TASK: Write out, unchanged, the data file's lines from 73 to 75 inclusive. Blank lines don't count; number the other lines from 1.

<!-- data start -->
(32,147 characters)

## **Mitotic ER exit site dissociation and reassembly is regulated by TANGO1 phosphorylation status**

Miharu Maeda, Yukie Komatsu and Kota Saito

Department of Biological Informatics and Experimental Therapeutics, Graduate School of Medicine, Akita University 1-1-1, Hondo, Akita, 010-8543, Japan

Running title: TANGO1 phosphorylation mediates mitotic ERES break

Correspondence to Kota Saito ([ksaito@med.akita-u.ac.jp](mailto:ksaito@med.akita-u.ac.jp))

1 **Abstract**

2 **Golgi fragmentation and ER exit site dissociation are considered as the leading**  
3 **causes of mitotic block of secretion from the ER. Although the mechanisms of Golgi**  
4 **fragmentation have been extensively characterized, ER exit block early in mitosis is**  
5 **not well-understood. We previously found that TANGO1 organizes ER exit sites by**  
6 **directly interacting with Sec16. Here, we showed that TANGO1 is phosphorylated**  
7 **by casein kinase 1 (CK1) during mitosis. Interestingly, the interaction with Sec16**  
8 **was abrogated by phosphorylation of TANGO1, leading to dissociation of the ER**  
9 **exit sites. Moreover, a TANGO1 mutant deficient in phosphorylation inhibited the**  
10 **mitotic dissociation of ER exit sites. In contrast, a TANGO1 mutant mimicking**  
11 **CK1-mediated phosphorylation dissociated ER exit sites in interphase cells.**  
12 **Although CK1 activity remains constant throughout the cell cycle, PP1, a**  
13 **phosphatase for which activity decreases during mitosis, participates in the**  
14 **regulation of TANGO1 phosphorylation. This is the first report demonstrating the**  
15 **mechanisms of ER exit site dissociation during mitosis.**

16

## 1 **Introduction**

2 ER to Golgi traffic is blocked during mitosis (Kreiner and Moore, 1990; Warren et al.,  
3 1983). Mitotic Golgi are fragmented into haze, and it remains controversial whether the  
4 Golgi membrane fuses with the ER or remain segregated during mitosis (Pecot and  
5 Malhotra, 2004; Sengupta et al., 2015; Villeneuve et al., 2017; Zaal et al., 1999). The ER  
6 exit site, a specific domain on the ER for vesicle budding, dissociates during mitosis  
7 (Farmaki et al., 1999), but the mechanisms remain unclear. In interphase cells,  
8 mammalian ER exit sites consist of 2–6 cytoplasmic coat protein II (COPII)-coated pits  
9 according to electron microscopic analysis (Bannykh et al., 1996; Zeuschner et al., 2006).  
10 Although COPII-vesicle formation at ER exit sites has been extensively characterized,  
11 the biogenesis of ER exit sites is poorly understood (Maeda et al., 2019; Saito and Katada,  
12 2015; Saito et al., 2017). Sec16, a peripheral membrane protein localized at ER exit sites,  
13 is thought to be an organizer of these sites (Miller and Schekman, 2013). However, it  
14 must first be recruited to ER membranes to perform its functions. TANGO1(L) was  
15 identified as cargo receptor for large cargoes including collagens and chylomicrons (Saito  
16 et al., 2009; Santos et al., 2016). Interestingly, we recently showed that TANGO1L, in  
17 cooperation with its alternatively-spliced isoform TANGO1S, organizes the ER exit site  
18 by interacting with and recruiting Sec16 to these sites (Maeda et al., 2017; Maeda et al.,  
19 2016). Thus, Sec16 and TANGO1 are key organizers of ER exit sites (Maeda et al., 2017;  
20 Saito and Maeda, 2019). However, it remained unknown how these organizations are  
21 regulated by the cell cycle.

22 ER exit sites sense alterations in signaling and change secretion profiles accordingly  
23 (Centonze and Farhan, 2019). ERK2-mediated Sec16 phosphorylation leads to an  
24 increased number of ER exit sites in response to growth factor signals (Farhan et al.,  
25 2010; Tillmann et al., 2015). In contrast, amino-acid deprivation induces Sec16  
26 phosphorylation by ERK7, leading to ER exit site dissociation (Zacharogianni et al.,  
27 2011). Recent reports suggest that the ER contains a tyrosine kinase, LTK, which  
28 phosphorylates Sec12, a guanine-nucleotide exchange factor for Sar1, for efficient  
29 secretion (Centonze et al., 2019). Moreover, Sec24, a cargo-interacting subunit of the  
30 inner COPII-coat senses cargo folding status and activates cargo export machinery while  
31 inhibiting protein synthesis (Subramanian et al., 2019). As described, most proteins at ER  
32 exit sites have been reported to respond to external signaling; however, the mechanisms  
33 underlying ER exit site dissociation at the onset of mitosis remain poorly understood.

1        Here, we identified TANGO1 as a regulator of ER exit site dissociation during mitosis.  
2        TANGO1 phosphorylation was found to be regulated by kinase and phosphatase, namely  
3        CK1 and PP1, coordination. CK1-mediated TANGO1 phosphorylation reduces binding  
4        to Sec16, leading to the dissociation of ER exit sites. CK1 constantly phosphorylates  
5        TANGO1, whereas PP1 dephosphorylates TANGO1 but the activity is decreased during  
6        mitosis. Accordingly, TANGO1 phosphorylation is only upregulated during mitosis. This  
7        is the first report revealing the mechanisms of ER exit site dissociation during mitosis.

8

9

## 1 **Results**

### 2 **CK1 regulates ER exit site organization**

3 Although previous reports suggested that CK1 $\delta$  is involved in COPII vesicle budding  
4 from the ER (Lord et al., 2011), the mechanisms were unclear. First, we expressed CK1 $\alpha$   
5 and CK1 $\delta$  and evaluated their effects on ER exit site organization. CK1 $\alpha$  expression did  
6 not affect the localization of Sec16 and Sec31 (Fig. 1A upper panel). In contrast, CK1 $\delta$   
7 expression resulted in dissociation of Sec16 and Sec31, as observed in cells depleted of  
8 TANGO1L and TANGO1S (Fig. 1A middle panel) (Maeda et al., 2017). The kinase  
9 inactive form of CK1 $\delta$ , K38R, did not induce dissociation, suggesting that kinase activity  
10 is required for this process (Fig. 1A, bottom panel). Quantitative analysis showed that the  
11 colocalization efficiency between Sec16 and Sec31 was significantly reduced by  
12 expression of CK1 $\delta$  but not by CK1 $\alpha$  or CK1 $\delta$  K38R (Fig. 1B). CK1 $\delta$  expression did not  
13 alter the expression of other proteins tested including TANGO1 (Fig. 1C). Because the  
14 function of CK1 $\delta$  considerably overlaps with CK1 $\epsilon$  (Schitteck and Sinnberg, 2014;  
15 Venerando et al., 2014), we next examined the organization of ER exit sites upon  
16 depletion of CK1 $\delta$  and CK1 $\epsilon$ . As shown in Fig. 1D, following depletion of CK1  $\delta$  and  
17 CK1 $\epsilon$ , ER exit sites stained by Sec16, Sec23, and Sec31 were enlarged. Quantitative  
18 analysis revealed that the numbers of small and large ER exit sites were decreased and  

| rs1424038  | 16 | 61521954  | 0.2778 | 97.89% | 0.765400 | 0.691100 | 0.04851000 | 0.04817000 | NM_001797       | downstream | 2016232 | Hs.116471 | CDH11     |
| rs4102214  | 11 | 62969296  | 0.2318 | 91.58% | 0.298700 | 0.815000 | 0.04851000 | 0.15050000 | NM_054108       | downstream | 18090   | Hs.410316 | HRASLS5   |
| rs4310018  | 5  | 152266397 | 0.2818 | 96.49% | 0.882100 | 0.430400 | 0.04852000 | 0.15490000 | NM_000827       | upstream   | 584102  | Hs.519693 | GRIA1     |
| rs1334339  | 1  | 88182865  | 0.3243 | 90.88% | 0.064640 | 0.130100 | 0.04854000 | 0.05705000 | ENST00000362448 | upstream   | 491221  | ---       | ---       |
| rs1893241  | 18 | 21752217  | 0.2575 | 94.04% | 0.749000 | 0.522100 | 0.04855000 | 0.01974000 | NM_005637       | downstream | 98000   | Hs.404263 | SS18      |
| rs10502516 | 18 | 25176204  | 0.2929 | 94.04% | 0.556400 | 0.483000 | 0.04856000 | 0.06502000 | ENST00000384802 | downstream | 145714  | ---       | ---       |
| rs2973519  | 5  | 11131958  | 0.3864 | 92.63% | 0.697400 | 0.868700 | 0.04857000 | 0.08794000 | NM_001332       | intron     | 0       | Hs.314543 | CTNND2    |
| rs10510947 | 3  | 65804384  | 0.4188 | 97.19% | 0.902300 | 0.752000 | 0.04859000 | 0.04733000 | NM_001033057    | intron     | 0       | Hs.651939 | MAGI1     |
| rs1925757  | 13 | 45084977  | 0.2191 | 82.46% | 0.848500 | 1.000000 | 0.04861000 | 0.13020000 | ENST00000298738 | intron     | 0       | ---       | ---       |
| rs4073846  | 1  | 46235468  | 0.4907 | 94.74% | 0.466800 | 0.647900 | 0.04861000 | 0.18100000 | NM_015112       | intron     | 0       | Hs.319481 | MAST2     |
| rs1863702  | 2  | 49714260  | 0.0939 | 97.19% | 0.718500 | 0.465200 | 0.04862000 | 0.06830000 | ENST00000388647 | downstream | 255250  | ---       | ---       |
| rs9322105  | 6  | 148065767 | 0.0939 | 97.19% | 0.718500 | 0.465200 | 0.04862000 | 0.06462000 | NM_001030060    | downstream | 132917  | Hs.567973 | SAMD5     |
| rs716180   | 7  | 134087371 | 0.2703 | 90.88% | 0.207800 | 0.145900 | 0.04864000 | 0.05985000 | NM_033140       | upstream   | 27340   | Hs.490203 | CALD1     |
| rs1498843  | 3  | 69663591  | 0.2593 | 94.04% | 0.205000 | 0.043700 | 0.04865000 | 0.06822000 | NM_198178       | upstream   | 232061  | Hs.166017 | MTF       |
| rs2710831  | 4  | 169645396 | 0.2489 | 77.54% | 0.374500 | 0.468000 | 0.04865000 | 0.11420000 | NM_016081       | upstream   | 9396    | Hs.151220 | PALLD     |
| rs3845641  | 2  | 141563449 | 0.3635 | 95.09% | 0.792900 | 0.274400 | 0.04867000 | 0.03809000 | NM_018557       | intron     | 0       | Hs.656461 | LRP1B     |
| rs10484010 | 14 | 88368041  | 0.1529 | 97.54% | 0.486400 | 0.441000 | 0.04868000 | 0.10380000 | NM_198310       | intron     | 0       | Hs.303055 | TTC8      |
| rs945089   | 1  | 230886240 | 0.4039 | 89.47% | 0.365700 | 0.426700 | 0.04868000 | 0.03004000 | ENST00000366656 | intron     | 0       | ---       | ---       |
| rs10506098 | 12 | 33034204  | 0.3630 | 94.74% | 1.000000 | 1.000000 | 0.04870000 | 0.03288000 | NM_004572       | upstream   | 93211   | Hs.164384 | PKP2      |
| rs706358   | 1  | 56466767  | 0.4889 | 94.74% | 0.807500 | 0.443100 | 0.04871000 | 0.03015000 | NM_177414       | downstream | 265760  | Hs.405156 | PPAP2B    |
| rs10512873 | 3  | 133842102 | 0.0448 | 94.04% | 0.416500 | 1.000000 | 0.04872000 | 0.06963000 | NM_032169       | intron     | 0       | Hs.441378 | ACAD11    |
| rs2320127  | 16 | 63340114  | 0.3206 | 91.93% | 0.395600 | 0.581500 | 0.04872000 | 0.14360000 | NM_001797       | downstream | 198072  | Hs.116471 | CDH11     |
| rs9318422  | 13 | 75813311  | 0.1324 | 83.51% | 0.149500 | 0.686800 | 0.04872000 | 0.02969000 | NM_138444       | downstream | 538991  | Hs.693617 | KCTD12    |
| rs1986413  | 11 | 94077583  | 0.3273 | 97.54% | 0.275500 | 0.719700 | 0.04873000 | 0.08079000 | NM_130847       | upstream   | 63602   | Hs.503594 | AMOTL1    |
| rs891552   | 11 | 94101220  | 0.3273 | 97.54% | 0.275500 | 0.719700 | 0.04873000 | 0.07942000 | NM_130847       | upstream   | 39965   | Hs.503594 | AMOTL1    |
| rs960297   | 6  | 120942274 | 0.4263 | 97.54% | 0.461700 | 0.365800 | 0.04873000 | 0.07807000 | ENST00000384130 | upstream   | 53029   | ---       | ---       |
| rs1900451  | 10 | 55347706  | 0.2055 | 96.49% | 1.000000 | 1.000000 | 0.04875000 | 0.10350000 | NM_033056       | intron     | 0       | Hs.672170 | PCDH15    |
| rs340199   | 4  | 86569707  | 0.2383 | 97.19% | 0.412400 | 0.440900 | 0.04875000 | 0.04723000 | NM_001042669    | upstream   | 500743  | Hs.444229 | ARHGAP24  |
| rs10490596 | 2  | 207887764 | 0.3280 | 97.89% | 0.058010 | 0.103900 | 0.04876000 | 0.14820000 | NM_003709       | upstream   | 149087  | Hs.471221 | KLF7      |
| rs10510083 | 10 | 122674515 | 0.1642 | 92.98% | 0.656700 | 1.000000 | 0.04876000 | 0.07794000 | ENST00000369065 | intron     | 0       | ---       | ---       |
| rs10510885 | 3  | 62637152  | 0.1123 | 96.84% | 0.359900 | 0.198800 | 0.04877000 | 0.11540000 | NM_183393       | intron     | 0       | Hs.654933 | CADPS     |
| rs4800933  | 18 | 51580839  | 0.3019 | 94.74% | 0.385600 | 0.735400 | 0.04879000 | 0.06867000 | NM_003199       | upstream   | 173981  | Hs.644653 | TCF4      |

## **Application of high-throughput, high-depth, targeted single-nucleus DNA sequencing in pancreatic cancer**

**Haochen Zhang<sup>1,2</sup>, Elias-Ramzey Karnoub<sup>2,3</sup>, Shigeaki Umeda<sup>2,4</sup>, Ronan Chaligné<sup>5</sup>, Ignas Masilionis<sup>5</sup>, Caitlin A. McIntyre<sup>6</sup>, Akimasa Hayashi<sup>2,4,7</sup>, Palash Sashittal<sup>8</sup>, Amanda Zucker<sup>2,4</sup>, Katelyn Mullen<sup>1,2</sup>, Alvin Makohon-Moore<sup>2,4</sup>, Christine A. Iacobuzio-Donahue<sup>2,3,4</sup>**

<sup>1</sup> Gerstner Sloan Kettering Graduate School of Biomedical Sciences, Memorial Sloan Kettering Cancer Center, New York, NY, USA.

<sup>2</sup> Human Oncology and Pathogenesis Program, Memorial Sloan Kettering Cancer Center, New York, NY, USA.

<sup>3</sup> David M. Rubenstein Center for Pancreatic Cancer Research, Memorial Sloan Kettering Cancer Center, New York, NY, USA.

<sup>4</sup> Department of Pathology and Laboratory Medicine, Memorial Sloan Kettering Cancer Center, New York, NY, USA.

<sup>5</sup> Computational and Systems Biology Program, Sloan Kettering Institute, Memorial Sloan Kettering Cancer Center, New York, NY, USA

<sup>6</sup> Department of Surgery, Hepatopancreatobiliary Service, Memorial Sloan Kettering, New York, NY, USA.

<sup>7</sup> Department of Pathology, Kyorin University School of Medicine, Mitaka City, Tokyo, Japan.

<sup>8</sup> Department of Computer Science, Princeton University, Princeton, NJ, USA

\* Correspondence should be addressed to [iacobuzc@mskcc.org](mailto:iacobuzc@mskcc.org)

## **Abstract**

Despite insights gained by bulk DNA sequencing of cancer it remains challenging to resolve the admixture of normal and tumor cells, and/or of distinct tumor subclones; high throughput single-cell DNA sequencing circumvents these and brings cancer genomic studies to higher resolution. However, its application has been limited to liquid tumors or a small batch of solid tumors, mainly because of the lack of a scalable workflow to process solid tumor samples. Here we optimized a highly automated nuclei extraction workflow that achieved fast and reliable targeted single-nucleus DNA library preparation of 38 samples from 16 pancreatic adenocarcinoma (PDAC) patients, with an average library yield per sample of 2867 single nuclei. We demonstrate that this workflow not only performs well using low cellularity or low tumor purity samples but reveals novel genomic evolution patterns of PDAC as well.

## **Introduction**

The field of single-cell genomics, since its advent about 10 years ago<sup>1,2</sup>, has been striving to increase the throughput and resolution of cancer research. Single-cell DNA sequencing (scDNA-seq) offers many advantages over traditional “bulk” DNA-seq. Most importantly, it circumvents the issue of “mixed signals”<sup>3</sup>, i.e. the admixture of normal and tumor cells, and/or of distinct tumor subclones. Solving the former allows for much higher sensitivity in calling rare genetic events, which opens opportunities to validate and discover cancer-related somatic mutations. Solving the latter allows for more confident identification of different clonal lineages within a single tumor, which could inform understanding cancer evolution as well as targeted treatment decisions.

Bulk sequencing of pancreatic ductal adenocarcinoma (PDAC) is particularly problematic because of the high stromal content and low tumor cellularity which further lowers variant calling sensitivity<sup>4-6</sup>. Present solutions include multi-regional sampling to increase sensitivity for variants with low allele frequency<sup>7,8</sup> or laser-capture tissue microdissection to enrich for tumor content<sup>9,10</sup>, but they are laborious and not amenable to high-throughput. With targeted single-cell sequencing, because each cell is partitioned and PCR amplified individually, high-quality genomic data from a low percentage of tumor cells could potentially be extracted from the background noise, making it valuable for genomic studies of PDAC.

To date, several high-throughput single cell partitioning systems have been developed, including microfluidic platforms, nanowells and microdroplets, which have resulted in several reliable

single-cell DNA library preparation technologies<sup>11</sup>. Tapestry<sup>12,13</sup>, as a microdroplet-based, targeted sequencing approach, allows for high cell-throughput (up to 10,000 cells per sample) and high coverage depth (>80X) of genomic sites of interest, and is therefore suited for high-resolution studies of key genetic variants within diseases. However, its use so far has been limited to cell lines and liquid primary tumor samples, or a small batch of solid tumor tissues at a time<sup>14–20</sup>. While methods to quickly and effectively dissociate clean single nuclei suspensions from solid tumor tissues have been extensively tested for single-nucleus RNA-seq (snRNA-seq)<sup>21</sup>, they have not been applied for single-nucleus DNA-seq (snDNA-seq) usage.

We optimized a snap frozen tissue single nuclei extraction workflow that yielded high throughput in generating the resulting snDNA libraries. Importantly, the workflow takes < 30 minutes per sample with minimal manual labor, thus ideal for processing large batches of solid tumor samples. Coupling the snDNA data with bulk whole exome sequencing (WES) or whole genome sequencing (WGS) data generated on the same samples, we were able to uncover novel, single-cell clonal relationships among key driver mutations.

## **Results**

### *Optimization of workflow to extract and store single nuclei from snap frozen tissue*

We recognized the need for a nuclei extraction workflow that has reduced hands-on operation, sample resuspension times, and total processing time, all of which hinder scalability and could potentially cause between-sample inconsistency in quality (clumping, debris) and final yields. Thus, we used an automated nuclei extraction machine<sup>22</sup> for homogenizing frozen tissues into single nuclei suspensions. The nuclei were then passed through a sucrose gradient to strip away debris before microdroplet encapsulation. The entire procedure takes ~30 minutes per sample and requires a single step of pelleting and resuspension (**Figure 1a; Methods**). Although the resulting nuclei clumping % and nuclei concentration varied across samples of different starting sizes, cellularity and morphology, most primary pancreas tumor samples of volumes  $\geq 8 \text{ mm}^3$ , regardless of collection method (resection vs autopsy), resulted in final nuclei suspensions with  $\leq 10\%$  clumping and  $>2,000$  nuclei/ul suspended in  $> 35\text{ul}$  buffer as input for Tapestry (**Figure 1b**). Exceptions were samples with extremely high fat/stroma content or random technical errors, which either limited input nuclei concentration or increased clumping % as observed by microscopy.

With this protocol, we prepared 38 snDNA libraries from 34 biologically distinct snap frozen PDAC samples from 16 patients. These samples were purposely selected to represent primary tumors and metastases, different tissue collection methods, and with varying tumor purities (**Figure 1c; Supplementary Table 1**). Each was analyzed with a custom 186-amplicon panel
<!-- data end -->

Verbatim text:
9 inactive form of CK1 $\delta$ , K38R, did not induce dissociation, suggesting that kinase activity  
10 is required for this process (Fig. 1A, bottom panel). Quantitative analysis showed that the  
11 colocalization efficiency between Sec16 and Sec31 was significantly reduced by  